Billionaire Robert Brockman, who was indicted in 2020 in what has been called the largest ever tax evasion case against an individual in the U.S., has died. He was 81.
Brockman's death was confirmed Saturday by his lead attorney, Kathy Keneally. Additional details and the cause of death were not immediately available.
His attorneys had been arguing in court that he had dementia and was incompetent to stand trial. But a judge in May ruled him competent and set a February trial date.
Brockman, a Florida native and Houston resident whose fortune Forbes has estimated at $4.7 billion, was the former CEO of Reynolds & Reynolds, an Ohio-based software company that provides solutions to businesses.
In October 2020, the government charged him in a 39-count indictment with evading taxes on $2 billion in gains, wire fraud, money laundering and other offenses. He pleaded not guilty.
The alleged scheme to conceal the billions in income from the IRS spanned decades, the Justice Department said in its announcement of the indictment.
David L. Anderson, the U.S. attorney for the Northern District of California, said at the time that the "allegation of a $2 billion tax fraud is the largest ever tax charge against an individual" in the U.S.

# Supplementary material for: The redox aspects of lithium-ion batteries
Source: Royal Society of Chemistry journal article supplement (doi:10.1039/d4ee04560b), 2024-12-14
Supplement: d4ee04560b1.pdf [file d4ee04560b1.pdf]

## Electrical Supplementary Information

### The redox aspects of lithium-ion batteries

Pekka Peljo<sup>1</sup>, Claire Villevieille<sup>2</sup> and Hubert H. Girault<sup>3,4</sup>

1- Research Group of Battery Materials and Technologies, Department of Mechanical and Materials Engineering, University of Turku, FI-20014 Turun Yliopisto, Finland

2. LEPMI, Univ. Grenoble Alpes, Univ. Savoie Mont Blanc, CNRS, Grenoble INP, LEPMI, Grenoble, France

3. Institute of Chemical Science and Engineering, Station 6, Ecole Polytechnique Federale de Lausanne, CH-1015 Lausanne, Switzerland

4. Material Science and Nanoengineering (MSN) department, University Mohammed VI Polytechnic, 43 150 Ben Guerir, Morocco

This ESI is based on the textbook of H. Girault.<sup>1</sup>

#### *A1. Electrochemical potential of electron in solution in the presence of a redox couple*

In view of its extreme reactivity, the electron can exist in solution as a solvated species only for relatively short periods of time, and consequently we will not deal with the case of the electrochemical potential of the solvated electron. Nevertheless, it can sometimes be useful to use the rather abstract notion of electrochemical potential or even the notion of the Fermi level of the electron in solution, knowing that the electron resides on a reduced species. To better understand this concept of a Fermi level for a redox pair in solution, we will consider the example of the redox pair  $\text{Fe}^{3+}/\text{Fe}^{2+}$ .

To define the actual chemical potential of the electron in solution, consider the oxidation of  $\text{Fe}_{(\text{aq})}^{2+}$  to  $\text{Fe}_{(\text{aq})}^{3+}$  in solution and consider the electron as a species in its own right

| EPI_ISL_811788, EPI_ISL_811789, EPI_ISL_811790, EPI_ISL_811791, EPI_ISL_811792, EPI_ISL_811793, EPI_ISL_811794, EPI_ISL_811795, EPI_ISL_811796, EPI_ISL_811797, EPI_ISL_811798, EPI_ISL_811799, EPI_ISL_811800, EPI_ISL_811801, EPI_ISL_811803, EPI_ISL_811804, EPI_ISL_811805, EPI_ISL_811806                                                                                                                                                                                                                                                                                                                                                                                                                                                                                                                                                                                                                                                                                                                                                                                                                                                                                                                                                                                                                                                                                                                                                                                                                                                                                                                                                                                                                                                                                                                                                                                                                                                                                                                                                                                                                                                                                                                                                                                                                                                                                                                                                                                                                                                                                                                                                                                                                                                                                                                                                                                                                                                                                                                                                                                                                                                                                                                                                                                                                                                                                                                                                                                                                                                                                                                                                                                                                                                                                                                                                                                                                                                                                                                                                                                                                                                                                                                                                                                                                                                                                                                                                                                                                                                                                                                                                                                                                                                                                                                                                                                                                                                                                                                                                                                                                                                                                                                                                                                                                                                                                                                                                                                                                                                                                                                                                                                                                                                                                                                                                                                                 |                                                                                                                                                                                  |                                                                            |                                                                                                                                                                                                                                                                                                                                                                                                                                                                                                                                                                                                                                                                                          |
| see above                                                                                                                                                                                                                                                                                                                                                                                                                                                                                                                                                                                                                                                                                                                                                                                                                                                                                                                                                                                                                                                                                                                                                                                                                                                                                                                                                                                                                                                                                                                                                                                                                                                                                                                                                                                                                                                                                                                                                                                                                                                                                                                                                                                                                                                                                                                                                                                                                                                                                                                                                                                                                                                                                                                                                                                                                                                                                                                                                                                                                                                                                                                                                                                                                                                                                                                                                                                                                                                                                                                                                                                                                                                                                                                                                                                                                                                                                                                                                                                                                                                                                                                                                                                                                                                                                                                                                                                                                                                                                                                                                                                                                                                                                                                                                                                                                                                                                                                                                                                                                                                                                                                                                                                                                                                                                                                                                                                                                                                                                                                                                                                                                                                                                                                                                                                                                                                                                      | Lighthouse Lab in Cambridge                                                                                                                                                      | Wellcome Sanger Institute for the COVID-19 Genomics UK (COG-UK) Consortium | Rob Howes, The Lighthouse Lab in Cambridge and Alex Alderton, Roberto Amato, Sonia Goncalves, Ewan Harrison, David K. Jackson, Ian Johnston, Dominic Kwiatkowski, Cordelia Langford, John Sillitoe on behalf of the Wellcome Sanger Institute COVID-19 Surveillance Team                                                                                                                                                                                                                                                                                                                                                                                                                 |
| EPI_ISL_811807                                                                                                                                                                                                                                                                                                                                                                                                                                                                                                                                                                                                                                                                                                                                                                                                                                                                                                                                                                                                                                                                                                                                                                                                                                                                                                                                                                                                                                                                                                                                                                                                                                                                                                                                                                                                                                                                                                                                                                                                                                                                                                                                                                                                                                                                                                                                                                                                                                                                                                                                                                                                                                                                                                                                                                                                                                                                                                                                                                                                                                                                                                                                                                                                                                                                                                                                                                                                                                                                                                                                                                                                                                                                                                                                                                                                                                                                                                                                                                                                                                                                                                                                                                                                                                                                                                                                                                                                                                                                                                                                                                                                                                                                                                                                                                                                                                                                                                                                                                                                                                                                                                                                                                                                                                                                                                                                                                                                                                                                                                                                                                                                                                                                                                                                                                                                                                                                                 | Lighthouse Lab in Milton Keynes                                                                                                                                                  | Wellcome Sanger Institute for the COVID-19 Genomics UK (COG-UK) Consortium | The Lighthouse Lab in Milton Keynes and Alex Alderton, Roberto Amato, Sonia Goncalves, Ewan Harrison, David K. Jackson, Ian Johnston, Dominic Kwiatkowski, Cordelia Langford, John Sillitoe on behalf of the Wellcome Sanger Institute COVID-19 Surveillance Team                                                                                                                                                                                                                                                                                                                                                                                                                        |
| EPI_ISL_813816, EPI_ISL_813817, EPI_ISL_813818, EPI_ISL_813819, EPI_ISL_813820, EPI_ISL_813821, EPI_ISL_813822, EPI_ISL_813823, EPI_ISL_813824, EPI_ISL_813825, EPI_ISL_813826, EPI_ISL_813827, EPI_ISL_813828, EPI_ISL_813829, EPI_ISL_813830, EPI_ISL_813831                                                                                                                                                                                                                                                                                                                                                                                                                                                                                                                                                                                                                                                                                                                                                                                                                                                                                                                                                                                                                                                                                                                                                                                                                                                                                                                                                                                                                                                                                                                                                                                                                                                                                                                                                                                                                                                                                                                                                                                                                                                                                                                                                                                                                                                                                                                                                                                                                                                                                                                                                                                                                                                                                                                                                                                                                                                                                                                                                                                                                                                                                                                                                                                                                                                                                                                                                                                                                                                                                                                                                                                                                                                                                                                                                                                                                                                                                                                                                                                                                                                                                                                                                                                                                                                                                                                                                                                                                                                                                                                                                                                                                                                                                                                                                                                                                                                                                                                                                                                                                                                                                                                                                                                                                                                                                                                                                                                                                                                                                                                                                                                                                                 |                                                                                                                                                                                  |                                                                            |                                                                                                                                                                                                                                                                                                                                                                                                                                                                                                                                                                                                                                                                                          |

Keneally, a longtime tax specialist who was Brockman’s lead lawyer, was the assistant attorney general in charge of the Justice Department's tax division from 2012 to 2014.
According to court records, the wealthiest Black citizen in the U.S., Robert Smith, Brockman's former business associate, was to be a key witness against him. Smith avoided charges by admitting to evading taxes, paying $139 million in taxes and penalties and agreeing to cooperate, records show.
At issue in the criminal case against Brockman was the allegation that he avoided taxes through an offshore charitable trust that prosecutors said he secretly controlled — and which he said was independent.
Prosecutors said he used ill-gotten gains to buy a Colorado fishing lodge, a private jet and a 200-foot yacht, among other things. The government filed paperwork last year to seize the 100-acre fishing retreat in the Rockies, The Aspen Times reported then.
It was not immediately clear how Brockman’s death would affect the government’s ability to recover the taxes it says are owed.
He is survived by his wife of 53 years, Dorothy; a son, Robert Brockman II; a brother; and two grandchildren, according to Bloomberg.